No two cities in the world bicker so competitively as the residents of Melbourne and Sydney, so it is no surprise that Sydney proudly boasts that it hosts Australia’s first university, founded in 1852. It was barely ahead of Melbourne, however, which opened its doors only three years after Sydney’s first enrolment of 24 students. There was, apparently, no opposition at all to the idea of a university in Melbourne. The same could not be said in Sydney, but that was not because anyone disputed the suggestion that a university was an essential step toward self-government of the colony, rather they were just not sure that it was the colony’s most pressing priority.
The University of Sydney was the pet project of NSW politician, William Charles Wentworth. Wentworth explicitly linked the idea of the university to self-government, which he said ‘would be a useless boon’ without the university, for ‘ the native youth of the country could not now obtain the education which would fit them for high offices in the state.’ Wentworth pointed to a future colony that would be ‘enlightened and refined’, a state only achievable, he argued, with a university. It was controversial, for there were many who feared that such an elitist institution would give some of their fellow colonists aristocratic pretensions. Moreover, schooling in NSW was in such a sad state that investing in the education of so few with such little immediate benefit to the colony seemed inappropriate at the time.
Fear of snobbishness was something that those who knew Wentworth would have once expected him to share, but Wentworth’s views were shifting. For him the university was a way of facilitating the development of a local aristocratic class. The university would shape the men who would lead NSW when self-government was achieved. The university’s links to Sydney’s high culture, from its opening recital in the Great Hall, affirm that from its beginning it was looked upon as the educational birth right of Sydney’s best breeched. It still is.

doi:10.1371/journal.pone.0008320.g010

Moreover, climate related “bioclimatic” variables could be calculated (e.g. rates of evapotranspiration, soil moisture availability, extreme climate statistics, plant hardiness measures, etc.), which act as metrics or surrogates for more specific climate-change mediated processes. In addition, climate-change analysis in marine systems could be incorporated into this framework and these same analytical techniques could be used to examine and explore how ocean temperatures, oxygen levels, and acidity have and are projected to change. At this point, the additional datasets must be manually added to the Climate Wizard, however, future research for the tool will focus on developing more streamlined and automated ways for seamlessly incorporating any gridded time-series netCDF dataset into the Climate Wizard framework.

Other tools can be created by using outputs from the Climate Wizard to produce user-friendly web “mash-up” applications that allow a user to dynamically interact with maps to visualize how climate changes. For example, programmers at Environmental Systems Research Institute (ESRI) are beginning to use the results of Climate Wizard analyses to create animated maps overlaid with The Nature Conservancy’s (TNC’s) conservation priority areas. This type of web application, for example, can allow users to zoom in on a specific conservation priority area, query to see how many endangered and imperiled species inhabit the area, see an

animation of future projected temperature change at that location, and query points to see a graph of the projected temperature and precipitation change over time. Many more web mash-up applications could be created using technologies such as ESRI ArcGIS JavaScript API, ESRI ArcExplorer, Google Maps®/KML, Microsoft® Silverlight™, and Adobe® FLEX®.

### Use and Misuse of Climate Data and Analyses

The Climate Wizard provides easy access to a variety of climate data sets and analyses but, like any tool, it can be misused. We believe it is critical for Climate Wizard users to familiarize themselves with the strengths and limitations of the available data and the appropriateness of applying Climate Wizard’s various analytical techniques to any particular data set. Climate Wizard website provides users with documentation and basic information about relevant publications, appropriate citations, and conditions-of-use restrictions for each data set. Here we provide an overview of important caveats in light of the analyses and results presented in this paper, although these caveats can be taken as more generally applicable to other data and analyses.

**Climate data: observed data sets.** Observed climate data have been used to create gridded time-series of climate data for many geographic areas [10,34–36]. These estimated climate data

Around twenty years later, a group of clerics decided to form a secular university in Adelaide. In the 1870s, that town held only around 30,000 people. The insistence on secularity, in all three universities, reflects in part how avante garde they were: establishing secular universities was still novel and somewhat contentious in Britain. Secularity was seen as progressive and modern, for better and worse. ‘Modern’ in universities, is often not a compliment, since they rely heavily on their connection to tradition for their authority: it is no accident that the oldest universities are also the most elite. Secularity was also an attempt to get around the sectarian divisions that would threaten universities’ existence and equilibrium, for divisions between Catholic and protestant plagued Australia for more than a century, as did theological disputes between protestant denominations. Theological education, each university’s founders agreed, should stay in colleges linked to the university, so the religious denominations need not battle over theological slants or exclude one another’s members, as universities sometimes did in Britain and elsewhere.
Historian Tamson Pietsch argues that, at this point, when steamships were yet to begin a 200-year sprint towards an increasingly connected world, each university was largely in its own hands. They carried with them ideas about links between knowledge and civilisation, but they were locally run for local purposes, informed by local controversies and built with local wealth.
These early Australian universities in fact had access to more substantial local resources than institutions being established in other parts of the world, for the colonies were extraordinarily prosperous. Australian wages in the mid-1850s were the highest in the world (138% higher than in Britain and more than 50% higher than in the United States) and by 1860, no nation exceeded the colonies’ collective Gross Domestic Product measured on a per capita basis. Tapping into the sources of this wealth, however, required institutions to adapt their idea of the university still further.
--- This is a segment of my first draft of Chapter 1: Ideas of the the University in Australia, from the book I am writing Knowing Australia: a history of the modern university, for UNSW Press. ----